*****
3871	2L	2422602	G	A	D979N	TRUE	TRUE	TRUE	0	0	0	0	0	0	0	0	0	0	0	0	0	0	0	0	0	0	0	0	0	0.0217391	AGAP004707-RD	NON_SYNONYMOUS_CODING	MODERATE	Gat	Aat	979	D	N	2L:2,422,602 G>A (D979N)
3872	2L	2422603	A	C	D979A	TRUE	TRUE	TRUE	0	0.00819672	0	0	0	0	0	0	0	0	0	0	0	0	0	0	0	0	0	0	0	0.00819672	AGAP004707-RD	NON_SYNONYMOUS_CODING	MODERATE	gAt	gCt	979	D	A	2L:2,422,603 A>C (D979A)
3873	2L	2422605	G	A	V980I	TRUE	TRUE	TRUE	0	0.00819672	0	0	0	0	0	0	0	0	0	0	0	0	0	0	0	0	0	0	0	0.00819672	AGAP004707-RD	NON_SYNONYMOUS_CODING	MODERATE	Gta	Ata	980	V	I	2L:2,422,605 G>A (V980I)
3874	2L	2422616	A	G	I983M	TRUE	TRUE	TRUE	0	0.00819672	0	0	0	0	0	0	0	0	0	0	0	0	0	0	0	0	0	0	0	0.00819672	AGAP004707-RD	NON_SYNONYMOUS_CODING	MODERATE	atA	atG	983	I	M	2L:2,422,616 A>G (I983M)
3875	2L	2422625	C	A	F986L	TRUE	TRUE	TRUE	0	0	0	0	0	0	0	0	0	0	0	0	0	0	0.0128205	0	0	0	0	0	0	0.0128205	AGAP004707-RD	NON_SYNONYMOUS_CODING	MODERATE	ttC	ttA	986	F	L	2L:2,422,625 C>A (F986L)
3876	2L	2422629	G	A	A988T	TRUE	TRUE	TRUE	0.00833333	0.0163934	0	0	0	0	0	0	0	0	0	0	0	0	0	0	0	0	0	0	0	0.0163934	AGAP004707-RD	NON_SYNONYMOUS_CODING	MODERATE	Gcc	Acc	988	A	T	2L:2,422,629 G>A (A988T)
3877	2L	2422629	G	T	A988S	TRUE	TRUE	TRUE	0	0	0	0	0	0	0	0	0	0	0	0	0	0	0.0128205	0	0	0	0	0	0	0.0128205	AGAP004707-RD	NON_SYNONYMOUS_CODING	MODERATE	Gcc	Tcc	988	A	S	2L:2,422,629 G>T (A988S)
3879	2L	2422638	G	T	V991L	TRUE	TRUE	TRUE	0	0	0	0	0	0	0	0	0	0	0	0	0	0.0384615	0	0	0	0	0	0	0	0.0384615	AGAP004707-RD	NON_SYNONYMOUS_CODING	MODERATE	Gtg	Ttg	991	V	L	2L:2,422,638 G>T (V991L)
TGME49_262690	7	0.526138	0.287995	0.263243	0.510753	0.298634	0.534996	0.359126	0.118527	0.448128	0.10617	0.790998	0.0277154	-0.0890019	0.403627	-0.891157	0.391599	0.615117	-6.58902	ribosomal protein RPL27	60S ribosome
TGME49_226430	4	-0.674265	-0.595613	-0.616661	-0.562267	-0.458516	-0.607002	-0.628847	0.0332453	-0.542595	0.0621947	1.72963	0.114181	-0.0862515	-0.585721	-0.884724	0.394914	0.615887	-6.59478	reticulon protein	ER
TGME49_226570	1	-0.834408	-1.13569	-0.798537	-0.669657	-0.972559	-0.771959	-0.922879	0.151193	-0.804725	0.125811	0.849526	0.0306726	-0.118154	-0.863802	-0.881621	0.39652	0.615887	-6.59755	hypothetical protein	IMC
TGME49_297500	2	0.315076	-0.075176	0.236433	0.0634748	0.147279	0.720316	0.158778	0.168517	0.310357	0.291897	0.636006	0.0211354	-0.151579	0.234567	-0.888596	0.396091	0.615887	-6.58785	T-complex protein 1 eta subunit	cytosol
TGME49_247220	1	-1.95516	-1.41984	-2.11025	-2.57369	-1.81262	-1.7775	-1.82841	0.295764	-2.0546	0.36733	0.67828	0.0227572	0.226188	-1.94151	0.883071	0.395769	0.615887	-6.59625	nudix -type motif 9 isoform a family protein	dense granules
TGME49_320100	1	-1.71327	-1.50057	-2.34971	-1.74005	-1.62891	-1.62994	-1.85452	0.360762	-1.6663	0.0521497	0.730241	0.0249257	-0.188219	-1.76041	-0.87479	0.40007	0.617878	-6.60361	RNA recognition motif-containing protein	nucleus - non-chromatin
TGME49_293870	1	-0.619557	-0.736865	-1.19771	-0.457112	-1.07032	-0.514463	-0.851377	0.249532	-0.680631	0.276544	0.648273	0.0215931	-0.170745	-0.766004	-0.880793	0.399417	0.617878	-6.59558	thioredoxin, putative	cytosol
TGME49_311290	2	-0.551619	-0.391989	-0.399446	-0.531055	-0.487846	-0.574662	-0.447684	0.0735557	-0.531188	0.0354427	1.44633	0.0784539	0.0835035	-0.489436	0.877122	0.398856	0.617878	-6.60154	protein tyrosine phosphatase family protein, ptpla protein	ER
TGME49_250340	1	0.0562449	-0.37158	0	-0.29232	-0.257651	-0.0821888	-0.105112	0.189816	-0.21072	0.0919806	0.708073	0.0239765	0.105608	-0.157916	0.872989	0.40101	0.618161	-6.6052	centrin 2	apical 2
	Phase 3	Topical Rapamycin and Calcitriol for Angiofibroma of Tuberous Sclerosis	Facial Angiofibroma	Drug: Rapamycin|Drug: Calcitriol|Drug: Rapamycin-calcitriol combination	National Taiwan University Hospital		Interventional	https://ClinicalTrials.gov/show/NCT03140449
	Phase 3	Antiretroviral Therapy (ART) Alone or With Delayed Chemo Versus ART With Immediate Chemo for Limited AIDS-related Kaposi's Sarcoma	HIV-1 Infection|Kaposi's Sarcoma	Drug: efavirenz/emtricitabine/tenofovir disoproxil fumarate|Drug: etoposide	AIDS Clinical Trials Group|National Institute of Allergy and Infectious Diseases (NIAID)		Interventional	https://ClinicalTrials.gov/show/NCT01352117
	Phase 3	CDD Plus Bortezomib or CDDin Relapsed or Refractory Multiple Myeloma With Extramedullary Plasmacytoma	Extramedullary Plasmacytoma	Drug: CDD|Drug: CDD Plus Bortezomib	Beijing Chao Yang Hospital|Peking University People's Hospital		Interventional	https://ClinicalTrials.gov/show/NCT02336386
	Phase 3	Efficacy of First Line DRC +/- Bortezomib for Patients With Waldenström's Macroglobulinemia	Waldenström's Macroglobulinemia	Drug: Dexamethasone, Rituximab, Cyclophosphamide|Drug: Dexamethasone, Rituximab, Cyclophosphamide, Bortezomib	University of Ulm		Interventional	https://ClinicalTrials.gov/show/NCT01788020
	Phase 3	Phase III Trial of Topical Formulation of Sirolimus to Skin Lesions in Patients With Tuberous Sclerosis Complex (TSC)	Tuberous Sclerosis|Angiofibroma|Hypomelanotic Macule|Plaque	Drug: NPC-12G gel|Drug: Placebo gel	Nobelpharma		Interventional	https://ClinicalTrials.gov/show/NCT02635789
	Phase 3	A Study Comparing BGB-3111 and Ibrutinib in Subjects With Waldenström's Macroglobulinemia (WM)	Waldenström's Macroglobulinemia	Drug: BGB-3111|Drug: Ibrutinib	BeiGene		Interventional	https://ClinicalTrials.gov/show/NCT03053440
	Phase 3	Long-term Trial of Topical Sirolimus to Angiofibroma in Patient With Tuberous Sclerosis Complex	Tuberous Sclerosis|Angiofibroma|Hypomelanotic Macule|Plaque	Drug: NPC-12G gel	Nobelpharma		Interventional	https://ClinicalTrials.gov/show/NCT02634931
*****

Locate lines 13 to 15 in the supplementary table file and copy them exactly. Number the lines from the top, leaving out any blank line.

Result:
TGME49_247220	1	-1.95516	-1.41984	-2.11025	-2.57369	-1.81262	-1.7775	-1.82841	0.295764	-2.0546	0.36733	0.67828	0.0227572	0.226188	-1.94151	0.883071	0.395769	0.615887	-6.59625	nudix -type motif 9 isoform a family protein	dense granules
TGME49_320100	1	-1.71327	-1.50057	-2.34971	-1.74005	-1.62891	-1.62994	-1.85452	0.360762	-1.6663	0.0521497	0.730241	0.0249257	-0.188219	-1.76041	-0.87479	0.40007	0.617878	-6.60361	RNA recognition motif-containing protein	nucleus - non-chromatin
TGME49_293870	1	-0.619557	-0.736865	-1.19771	-0.457112	-1.07032	-0.514463	-0.851377	0.249532	-0.680631	0.276544	0.648273	0.0215931	-0.170745	-0.766004	-0.880793	0.399417	0.617878	-6.59558	thioredoxin, putative	cytosol